When you’re running a start-up company, one of your biggest overheads is usually staff. Taking on employees is a crucial part of growing your business but it can be costly, especially if you want to attract the best candidates.
Unless you’re heavily funded from the outset, paying your employees premium salaries isn’t an option. Instead you need to find alternative ways of incentivising great talent to work for you. One option is the Enterprise Management Incentive (EMI) scheme.
What is it?
The EMI is a share scheme designed to help small, ambitious companies retain the right talent to grow. By rewarding staff you’re looking to recruit or retain with tax advantaged share options you offer employees a reason to work for you instead of large established company with deep pockets. The gains made on shares realised fall under capital gains tax as opposed to the higher income tax rate. As of June 2010, capital gains tax is charged at 28% for any gains made above £10,100. If your employee owns more than 5% of the company’s share capital they also qualify for Entrepreneurs’ Relief which offers a more favourable rate of 10% for the first £5m in lifetime gains.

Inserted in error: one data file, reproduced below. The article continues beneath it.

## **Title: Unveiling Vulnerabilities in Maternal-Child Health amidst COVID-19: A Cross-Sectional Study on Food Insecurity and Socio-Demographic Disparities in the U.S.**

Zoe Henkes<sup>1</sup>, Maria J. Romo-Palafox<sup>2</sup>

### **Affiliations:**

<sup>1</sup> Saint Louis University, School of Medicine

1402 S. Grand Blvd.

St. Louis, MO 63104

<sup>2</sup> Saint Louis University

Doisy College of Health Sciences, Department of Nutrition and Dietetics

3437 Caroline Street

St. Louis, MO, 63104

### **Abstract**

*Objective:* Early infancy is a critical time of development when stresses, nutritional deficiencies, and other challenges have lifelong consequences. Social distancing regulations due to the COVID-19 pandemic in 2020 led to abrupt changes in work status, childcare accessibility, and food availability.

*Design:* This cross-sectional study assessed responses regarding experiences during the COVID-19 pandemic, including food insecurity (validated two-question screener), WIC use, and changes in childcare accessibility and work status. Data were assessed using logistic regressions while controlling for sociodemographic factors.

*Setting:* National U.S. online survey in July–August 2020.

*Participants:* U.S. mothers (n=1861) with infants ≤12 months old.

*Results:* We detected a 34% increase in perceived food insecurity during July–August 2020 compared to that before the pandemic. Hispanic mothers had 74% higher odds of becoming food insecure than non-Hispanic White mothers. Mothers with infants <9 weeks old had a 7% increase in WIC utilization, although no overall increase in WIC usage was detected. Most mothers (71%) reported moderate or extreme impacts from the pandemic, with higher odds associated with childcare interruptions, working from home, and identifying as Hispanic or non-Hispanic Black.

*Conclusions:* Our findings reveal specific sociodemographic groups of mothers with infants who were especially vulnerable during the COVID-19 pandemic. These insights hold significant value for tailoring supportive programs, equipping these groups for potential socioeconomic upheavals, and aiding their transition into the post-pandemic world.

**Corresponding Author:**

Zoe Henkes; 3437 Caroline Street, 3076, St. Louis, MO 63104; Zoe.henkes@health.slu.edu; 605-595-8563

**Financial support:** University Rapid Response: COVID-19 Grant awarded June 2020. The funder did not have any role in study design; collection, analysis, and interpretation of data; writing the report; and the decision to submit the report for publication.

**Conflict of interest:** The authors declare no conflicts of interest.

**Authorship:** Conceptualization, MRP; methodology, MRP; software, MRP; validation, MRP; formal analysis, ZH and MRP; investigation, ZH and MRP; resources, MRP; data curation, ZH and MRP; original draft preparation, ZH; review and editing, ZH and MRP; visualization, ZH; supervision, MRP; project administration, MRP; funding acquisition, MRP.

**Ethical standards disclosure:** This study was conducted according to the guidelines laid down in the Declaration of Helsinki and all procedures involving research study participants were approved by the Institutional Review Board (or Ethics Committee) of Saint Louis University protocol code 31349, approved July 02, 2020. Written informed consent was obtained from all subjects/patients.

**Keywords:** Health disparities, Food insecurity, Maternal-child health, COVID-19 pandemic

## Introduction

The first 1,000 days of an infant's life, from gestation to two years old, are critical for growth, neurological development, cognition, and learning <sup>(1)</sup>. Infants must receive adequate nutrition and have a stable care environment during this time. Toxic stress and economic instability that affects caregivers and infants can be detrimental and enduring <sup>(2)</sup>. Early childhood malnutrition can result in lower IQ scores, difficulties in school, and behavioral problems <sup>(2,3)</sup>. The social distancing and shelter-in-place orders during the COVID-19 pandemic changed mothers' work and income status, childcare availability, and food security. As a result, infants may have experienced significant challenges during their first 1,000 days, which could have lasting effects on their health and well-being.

Companies must meet a number of criteria to qualify:
Which employees are eligible?
The scheme is fairly all encompassing but there are a few restrictions. Qualifying staff must fall under the following rules:
How many people can join?
EMIs have proved so popular that the government abolished the limit on the number of employees who can be awarded share options – provided the maximum value of options doesn’t exceed £3m in total.
There is a limit of £120,000 per individual employee and the share option must be exercisable within 10 years.
If you do decide to grant staff shares under the EMI scheme you must notify HMRC within 92 days. You must send HMRC the following: